By the time you get home, have a shower, have a post-work screw (or two), the sun has set and your belly is a-grumbling.
Cooking is out, obviously, because the big grocery store will be closed by the time you find the fare to get there and nobody likes riding the streetcar back, trying to juggle cold things in your lap while bearded men ogle your purchases, and while there is a 24-hour market not too far away, it would require walking past the guy selling dreamcatchers on the corner whom I've already made far too much eye contact with today, then past a bitter, heckling homeless man whose smell would ruin anyone's appetite, and past at least 3 Second Cups, and those devils float delicious whipped cream on top of everything, which means I'd need an iron will to even reach the market, and if by some miracle I held fast on the way there, I'd surely get lost in sweet, sweet nirvana on the way home.
Like most fridges, mine contains a jar of olives, some beer, some nail polish, little packets of soy sauce from the Chinese take-out down the street, and a half-empty bottle of mustard (you could call it half-full, but I think it's pretty stupid to waste optimism on mustard). Not exactly the fixings of a great repast. Luckily, however, I've got a little something in reserve. It's called a "cupboard" and its contents are perfect for the pinch. I start to salivate just thinking of the dozens, maybe hundreds of possibilities in contains. This is where I keep my take-out menus.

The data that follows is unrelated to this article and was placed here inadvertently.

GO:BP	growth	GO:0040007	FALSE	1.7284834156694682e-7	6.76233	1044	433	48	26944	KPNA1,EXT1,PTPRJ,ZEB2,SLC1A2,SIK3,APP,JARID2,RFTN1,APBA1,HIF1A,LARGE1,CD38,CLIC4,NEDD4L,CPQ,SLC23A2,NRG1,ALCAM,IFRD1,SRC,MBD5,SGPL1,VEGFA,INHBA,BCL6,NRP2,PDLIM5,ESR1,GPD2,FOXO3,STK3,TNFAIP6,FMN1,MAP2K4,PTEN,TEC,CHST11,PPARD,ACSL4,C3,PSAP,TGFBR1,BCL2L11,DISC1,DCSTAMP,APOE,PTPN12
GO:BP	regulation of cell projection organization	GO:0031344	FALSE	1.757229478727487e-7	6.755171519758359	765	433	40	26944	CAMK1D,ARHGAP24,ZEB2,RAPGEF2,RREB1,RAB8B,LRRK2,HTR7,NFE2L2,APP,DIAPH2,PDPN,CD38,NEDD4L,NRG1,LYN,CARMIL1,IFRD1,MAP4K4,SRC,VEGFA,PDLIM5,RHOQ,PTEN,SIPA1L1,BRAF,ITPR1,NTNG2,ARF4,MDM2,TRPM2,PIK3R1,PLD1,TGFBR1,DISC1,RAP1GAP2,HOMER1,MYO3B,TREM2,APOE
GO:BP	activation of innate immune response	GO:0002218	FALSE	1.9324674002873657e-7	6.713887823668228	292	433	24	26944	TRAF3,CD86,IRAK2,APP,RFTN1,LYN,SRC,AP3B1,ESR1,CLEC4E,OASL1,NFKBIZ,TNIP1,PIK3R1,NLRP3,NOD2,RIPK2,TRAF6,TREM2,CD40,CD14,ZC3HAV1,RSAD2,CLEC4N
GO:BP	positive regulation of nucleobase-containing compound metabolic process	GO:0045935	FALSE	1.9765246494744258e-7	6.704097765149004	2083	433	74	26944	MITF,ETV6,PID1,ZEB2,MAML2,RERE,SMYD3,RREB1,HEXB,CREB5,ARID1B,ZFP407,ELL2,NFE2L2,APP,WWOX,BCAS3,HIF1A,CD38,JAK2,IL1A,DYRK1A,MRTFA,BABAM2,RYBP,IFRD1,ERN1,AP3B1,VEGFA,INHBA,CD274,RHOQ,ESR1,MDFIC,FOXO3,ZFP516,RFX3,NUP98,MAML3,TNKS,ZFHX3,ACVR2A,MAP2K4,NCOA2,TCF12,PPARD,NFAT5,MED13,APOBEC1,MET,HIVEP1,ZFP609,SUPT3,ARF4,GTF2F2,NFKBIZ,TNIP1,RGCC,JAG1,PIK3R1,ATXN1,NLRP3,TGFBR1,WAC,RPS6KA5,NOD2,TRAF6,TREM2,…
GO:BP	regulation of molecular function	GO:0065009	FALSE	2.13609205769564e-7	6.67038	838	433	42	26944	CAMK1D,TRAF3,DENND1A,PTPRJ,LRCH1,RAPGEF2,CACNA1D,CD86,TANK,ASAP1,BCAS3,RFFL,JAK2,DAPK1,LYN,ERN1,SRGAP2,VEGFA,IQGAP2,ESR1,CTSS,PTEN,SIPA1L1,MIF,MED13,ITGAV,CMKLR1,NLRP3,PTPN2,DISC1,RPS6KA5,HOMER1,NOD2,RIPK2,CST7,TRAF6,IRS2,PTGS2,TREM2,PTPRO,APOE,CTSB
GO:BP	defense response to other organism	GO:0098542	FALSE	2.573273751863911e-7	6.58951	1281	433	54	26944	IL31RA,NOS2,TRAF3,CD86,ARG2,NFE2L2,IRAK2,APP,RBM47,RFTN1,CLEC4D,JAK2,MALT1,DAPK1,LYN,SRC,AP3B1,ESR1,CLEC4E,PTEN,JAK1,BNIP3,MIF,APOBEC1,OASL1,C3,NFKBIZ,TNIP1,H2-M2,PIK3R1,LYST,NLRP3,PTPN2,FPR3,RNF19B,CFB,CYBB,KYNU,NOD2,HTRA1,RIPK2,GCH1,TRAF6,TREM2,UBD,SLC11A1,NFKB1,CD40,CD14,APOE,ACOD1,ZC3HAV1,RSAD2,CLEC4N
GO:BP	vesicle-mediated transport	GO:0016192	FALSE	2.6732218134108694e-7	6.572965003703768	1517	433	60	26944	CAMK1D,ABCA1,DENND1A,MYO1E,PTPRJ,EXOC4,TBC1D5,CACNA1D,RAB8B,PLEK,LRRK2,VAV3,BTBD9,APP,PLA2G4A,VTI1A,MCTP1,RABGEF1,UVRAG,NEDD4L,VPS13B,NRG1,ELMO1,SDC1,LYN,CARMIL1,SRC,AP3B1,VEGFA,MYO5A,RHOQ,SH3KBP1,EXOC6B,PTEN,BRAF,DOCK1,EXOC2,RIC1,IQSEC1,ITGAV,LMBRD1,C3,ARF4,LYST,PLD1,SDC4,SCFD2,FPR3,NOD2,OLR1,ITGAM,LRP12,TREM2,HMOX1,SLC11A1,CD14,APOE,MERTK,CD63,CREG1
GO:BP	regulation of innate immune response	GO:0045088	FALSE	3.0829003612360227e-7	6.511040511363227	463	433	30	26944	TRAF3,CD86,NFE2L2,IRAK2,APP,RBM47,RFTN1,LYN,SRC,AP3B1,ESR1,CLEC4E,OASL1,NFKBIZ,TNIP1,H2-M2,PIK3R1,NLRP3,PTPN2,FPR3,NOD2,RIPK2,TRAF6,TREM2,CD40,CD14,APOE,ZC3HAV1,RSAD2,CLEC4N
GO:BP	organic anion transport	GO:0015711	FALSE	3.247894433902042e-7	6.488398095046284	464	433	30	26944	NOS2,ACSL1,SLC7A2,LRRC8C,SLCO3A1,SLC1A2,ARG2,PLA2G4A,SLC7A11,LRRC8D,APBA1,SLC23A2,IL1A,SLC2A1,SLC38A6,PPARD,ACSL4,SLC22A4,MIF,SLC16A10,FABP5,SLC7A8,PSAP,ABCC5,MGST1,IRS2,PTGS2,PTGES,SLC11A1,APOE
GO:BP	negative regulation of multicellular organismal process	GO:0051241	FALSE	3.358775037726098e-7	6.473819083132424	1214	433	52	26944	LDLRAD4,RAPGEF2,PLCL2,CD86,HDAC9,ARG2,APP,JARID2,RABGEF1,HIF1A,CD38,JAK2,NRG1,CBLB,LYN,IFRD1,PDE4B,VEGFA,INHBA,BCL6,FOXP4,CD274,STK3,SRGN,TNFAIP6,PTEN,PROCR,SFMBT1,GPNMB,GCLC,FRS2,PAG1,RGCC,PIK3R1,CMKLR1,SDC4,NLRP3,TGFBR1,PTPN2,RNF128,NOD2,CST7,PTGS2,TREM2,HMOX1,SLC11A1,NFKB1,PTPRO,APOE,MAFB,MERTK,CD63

Living downtown seems opportunistic for the plethora of possibility, but the truth is closer to this: you can drown in choice.
In fact, what usually happens is that by the time I've flipped through all the menus once, eliminated the greek place for its skimpy use of feta, the thai place for consistently giving me heart-burn, and the pizza place across the street because, frankly, we just had it 2 nights ago, and narrowed it down to just 27 places that all sound equally appealing. Thankfully, in the time it's taken me to do the first run-through, half the places have now closed (what kind of old fogeys live in this city? no one else is hungry at 11:30 on a Wednesday night?) and we are slowly but surely chipping away toward choice.
The rotisserie chicken place we eventually settled on "guaranteed" that supper would be in our lobby in 40 minutes. But I wondered - where's the or else? If the chicken was not in the lobby at the appointed time, then what? They weren't saying 40 minutes or it's free. 40 minutes or we'll walk your dog or wash your feet or throw in a pair of flat-front chinos. What good is a guarantee if there's no repercussion? If they're 34 minutes late or don't show up until April or come bearing apricots instead of chicken, it would be all the same to them. It might cut into the delivery guy's tip a bit, but they're already charging $3.50 for the privilege of maybe bringing chicken to your house in 40 minutes so I'm not really feeling the guilt. The guilt from a pseudo-guarantee that's only hypothetically been breached.
Long story short: the chicken was punctual and delicious, but before you start getting all smug, let me just remind you that eating is a particular habit of mine, and it's inevitable that this scenario will be repeated again tomorrow night.